The Japanese soldiers had ruined my young life. They had stripped me of everything. They had taken everything away from me, my youth, my self-esteem, my dignity, my freedom, my possession and my family but there was one thing they could never take away from me, and it was my firm Catholic faith and my love for God. This was mine, and nobody, nobody could take that away from me. It was my deep faith in God that helped me survive all that the Japanese did to me.

I have forgiven the Japanese for what they did to me but I can never forget. For 50 years the comfort women maintained silence. They lived with a terrible shame of feeling soiled and dirty. It has taken 50 years for these women’s ruined lives to become a human rights issue. The war never ended for the comfort women. We still have nightmares. We had no counseling. After the war, we just had to get on with our lives as if nothing had happened. Our bodies were damaged. I had three miscarriages after I married Tom, and I needed major surgery to restore my body.

In 1992, the war in Bosnia had broken out, and I could see that women were again being raped in an organized way, and then after that, that same year, I saw the Korean comfort women on television. They broke their silence, and Ms. Kim Hak Sun was the first comfort women to speak out. I watched them on television as they pleaded for justice, for an apology and compensation from the Japanese Government.

I decided to back them up especially as I realized that in Bosnia women again were being raped on an organized scale. I decided to break my silence, at the international public hearing on Japanese war crimes in Tokyo in December, 1992, and I revealed one of the worst human rights abuses of World War II, the forgotten Holocaust. For 15 years I have worked tirelessly for the plight of comfort women in Australia and overseas and for the protection of women in wars so that these wartime atrocities will never happen again.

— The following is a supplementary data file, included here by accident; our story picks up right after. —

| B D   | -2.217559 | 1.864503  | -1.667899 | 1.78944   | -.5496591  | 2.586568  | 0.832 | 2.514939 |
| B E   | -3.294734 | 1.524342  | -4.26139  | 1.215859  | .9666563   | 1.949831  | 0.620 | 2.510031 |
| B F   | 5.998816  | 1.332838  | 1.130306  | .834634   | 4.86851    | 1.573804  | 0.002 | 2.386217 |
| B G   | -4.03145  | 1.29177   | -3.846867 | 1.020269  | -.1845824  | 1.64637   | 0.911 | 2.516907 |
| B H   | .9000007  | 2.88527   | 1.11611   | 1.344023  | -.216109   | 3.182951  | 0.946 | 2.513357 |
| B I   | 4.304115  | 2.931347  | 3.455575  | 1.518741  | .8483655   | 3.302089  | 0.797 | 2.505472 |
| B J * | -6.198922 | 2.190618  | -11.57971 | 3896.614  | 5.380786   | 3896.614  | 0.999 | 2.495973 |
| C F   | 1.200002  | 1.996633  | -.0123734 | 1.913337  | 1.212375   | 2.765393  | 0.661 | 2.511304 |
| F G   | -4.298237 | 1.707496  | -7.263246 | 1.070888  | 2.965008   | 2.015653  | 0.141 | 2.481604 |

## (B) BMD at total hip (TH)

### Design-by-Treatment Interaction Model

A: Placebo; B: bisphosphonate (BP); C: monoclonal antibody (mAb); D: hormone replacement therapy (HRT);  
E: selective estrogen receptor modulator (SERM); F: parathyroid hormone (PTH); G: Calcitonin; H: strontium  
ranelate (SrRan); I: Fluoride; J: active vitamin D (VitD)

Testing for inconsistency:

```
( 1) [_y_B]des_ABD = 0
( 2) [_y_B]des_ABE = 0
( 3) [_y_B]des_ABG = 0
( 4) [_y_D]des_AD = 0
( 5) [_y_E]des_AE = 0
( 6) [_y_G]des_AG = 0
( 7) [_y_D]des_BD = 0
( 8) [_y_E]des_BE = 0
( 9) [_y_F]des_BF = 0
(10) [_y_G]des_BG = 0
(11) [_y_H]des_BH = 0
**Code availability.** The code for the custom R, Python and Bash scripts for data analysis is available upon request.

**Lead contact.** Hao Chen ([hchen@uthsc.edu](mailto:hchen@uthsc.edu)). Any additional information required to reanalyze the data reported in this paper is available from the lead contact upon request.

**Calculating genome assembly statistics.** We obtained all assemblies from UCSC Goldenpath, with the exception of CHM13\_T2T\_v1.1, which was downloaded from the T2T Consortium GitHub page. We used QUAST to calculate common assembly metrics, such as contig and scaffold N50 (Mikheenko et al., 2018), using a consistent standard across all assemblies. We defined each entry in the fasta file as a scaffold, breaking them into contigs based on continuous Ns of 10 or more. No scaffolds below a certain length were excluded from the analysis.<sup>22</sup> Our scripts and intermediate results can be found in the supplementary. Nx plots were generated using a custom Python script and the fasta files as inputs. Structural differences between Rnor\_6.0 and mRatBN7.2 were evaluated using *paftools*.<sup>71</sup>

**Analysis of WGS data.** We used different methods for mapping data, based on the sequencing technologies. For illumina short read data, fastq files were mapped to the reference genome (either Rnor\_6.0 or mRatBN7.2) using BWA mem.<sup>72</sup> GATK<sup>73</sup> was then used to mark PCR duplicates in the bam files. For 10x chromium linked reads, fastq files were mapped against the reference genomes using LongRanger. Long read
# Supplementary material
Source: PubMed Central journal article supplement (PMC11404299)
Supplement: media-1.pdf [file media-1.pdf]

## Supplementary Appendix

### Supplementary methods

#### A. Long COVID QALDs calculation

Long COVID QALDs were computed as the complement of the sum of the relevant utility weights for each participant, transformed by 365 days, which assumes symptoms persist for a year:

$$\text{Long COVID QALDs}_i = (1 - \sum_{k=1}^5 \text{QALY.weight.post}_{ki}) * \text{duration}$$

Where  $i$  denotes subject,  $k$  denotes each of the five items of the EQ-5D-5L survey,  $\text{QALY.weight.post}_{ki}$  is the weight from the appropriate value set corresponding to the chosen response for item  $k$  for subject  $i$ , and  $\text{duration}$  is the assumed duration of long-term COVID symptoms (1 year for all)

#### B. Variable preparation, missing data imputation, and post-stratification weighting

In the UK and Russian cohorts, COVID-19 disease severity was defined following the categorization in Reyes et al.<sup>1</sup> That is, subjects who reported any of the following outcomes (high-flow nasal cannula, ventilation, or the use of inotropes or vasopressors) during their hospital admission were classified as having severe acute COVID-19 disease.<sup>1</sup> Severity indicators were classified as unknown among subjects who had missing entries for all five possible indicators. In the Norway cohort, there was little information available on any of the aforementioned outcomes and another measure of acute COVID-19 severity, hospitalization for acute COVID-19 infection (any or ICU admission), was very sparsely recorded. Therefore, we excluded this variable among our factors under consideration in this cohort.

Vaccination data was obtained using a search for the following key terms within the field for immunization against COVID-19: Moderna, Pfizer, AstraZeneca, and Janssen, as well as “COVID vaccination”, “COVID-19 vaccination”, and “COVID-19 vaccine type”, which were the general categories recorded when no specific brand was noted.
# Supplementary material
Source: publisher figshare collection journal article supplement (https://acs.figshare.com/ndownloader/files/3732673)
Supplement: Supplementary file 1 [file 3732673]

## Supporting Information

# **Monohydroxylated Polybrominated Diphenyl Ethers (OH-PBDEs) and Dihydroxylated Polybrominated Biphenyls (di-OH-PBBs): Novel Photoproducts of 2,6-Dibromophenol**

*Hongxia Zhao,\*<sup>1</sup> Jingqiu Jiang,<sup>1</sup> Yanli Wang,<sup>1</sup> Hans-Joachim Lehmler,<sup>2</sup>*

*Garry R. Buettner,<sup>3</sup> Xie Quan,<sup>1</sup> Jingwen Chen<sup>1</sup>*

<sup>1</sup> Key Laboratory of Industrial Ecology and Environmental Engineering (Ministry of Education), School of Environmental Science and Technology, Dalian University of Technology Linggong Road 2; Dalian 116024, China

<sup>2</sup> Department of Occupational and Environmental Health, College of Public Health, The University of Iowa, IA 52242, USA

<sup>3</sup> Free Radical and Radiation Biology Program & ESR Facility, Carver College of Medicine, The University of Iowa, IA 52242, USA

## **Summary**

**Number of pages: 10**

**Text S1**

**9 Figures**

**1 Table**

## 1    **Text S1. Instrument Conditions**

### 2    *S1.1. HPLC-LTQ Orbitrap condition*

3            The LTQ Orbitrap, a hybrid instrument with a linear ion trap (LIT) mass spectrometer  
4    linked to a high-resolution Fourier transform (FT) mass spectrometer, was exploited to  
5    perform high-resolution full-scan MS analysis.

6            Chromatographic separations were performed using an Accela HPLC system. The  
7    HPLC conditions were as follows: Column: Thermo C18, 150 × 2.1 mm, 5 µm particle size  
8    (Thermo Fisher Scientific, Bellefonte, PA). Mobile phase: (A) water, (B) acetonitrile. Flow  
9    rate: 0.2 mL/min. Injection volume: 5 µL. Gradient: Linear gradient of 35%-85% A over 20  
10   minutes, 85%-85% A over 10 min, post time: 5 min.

Now time is running out. After 60 years, the comfort women deserve justice. They are worthy of a formal apology from the Japanese Government, from the Prime Minister Shinzo Abe himself, and what I call an apology is an apology that is followed by action, the same what the American Government did. It was followed by action that paid compensation to the Japanese that were put in prison camps here but this is the one thing that Japan has never done. Their apology has never been followed by action.

The Japanese Government must take full responsibility for their war crimes. In 1995, they established the so-called Asian Women’s Fund to compensate the victims. This fund was an insult to the comfort women, and they, including myself, refused to accept it. This fund was a private fund. The money came from private enterprise and private business. It did not come from the government.

Japan must come to terms with its history and acknowledge their wartime atrocity. They must teach the correct history of the mistakes made in the past. When I was in Japan only a couple of years ago, I was invited to talk at high schools and colleges about what happened during the war. Not one of those students knew about the horrific atrocity that the Japanese committed during World War II. It is important that the surviving comfort women tell their stories. Mr. Chairman and members of the subcommittee, I thank you for this opportunity to share my story. I hope that by speaking out I have been able to make a contribution to world peace and reconciliation, and that human rights violations against women will never happen again.

I feel very honored to tell my story in this very important place, and that a government is considering it worthwhile to take up this crucial human rights issue. Thank you.



Source: Hearing Before the Subcommittee on Asia, the Pacific, and the Global Environment of the Committee on Foreign Affairs, US House of Representatives, 110th Cong., 1st Sess. (Washington DC: US Government Printing Office, 2007), pp. 23-28.